Because you cannot trust anything on the web host (it might have had a rootkit installed), the safest approach is to rebuild a new web server from scratch; don't forget to update all the external-facing software before bringing it online. Do all the updating on the happy side of a draconian firewall.
When you rebuild the system, be sure to pay special attention to proper configuration. If the web content is owned by a different Unix user than the web server's userid and the permissions on the files are set to forbid writing, then the web server cannot modify the program files.
Configure your web server's Unix user account so it has write access to only its log files and database sockets, if they are in the filesystem. A hacked web server could still serve hacked pages to clients, but a restart would 'undo' the 'live hack'. Of course, your database contents could be sent to the Yakuza or corrupted by people who think your data should include pictures of unicorns. The Principle of Least Privilege will be a good guideline -- what, exactly, does your web server need to access in order to do its job? Grant only that.
Also consider deploying a mandatory access control system such as AppArmor, SELinux, TOMOYO, or SMACK. Any of these systems, properly configured, can control the scope of what can be damaged or leaked when a system is hacked. (I've worked on AppArmor for ten years, and I'm confident most system administrators can learn how to deploy a workable security policy on their systems in a day or two of study. No tool is applicable to all situations, so be sure to read about all of your choices.)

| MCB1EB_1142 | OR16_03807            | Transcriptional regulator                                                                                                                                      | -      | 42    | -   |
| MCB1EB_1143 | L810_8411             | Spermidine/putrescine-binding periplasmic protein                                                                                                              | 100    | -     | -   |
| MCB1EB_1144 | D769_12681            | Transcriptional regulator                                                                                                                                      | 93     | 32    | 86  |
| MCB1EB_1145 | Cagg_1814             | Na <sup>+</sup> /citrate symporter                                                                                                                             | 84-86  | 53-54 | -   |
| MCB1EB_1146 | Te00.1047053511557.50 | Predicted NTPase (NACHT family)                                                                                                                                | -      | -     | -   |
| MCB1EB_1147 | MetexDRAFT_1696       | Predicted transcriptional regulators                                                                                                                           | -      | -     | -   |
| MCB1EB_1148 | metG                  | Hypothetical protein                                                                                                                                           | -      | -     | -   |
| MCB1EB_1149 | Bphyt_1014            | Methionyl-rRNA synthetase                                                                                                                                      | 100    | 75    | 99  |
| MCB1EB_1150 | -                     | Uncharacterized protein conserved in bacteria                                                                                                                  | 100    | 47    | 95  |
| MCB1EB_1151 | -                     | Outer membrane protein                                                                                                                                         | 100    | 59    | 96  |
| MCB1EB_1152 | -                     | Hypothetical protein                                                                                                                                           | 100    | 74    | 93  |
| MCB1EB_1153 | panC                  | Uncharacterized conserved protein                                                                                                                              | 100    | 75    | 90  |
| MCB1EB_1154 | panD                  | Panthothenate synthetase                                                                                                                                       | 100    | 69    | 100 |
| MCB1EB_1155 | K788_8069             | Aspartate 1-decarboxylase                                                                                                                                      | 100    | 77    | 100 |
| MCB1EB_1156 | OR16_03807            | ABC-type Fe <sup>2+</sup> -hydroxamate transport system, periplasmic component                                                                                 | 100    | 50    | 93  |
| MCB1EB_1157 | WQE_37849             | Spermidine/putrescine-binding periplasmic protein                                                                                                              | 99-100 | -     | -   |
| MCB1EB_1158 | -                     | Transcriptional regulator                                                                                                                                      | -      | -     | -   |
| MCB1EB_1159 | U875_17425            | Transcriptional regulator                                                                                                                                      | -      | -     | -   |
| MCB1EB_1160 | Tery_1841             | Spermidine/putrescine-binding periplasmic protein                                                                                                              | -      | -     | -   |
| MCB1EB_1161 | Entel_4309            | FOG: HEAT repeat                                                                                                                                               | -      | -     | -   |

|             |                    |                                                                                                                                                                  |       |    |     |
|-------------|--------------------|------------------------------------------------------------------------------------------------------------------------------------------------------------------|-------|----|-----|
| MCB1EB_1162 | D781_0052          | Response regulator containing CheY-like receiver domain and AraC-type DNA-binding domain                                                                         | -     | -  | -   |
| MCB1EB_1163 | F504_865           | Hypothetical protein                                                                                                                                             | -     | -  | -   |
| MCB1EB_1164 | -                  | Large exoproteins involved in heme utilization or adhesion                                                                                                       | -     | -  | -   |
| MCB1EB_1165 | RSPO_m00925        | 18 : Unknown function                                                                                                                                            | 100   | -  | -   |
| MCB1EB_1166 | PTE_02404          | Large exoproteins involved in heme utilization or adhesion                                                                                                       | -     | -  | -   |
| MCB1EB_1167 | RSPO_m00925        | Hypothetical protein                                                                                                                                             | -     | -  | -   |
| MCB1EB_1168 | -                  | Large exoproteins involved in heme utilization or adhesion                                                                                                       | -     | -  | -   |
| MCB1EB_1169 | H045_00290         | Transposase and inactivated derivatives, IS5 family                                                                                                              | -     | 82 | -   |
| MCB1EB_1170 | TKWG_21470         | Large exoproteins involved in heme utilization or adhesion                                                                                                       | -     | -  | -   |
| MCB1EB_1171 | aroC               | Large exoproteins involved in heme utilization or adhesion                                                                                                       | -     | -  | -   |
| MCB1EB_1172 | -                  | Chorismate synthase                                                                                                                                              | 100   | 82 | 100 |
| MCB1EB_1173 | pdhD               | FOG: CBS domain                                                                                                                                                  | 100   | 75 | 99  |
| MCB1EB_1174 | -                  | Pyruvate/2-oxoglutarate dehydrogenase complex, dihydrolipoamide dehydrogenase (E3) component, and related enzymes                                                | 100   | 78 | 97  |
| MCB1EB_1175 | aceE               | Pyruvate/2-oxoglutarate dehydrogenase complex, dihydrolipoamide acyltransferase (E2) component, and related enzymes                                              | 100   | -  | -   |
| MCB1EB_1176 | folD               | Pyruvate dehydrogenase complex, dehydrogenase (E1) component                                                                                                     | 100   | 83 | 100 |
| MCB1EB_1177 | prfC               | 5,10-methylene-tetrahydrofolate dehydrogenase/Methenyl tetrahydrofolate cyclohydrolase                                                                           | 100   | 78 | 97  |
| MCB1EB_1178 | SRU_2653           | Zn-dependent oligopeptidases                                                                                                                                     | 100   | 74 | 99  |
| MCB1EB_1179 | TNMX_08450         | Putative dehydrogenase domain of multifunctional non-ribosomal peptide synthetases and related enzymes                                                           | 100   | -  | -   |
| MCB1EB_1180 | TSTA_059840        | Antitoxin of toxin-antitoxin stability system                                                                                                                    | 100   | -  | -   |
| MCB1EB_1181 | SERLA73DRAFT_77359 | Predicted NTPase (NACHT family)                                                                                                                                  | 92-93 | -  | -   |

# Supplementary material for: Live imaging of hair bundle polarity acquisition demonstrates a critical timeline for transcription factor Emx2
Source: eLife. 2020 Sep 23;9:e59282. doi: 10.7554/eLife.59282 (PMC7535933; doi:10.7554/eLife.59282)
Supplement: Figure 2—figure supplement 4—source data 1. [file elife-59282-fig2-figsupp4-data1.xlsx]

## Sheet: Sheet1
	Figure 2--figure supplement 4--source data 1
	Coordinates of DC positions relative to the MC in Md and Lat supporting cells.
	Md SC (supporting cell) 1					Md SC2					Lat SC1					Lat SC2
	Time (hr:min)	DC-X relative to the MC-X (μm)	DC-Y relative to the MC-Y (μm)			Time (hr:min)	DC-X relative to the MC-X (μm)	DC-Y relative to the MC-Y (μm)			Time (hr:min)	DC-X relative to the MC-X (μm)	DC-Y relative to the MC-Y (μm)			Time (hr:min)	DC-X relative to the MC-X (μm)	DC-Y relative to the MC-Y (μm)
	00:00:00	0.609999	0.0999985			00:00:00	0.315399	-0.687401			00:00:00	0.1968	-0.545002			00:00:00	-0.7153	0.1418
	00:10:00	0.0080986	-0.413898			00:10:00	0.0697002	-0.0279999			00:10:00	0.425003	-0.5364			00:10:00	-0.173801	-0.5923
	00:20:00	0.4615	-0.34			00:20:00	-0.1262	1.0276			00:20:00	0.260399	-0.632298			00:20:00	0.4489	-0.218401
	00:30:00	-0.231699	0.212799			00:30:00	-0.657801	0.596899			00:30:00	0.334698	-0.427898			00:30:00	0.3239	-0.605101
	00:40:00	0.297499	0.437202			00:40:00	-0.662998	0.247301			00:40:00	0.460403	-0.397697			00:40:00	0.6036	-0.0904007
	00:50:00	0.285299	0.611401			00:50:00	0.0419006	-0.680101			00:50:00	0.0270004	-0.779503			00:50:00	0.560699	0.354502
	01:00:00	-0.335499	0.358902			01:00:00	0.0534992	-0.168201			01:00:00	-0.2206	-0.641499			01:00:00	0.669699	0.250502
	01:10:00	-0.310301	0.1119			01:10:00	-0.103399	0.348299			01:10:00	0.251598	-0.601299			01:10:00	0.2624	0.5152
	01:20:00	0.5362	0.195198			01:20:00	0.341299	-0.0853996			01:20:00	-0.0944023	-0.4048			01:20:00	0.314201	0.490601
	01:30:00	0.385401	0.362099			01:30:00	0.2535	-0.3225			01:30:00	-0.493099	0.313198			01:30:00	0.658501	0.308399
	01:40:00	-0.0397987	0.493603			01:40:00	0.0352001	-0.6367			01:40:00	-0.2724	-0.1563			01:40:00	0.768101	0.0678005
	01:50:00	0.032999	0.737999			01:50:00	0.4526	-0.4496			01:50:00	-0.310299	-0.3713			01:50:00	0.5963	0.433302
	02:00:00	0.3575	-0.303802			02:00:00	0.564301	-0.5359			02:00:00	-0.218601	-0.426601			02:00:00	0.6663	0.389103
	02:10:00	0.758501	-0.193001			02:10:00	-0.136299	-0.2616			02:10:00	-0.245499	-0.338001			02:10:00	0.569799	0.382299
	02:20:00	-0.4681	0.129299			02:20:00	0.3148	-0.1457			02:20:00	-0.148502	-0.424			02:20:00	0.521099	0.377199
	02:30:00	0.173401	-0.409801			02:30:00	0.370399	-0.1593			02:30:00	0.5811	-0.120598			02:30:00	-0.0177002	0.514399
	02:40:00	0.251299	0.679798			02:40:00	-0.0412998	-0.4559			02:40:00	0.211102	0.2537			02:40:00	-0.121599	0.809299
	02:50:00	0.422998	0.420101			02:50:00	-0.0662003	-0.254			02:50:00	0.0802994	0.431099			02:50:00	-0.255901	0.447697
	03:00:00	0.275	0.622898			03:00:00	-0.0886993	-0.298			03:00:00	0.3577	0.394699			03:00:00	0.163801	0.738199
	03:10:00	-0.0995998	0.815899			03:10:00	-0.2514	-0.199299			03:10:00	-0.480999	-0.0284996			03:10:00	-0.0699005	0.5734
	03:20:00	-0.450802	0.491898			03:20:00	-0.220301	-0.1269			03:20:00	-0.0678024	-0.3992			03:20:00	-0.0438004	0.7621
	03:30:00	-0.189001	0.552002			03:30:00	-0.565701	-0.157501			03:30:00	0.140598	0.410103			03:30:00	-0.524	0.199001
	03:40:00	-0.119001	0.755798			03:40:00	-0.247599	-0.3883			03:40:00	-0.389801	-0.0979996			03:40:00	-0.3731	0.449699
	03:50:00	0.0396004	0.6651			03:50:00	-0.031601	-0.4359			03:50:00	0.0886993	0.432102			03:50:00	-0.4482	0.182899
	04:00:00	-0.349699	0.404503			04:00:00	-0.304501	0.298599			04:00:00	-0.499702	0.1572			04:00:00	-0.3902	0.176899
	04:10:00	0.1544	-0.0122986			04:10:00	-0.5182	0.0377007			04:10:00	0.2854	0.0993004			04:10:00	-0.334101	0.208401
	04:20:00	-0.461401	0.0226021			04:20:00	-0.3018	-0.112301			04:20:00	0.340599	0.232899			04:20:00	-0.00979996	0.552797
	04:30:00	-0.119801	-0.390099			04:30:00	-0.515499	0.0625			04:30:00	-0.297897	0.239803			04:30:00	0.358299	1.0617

The second time around, be sure to keep your configuration managed through tools such as as puppet, chef, or at the very least in a revision control system.
Something else, a little unrelated to coming back online, but potentially educational all the same: save the hard drive from the compromised system, so you can mount it and inspect its contents from another system. Maybe there's something that can be learned by doing forensics on the compromised data: you might find that the compromise happened months earlier and had been stealing passwords or
ssh keys. You might find a rootkit or further exploit tools. You might find information to show the source of the attack -- perhaps the admin of that site doesn't yet realize they've been hacked.
Be careful when inspecting hacked data -- that
.jpg you don't recognize might very well be the exploit that cracked the system in the first place, and viewing it on a 'known good' system might crack it, too. Do the work with a hard drive you can format when you're done. (Virtualized or with a mandatory access control system might be sufficient to confine "passive" data-based hacks, but there's nothing quite like throwaway systems for peace of mind.)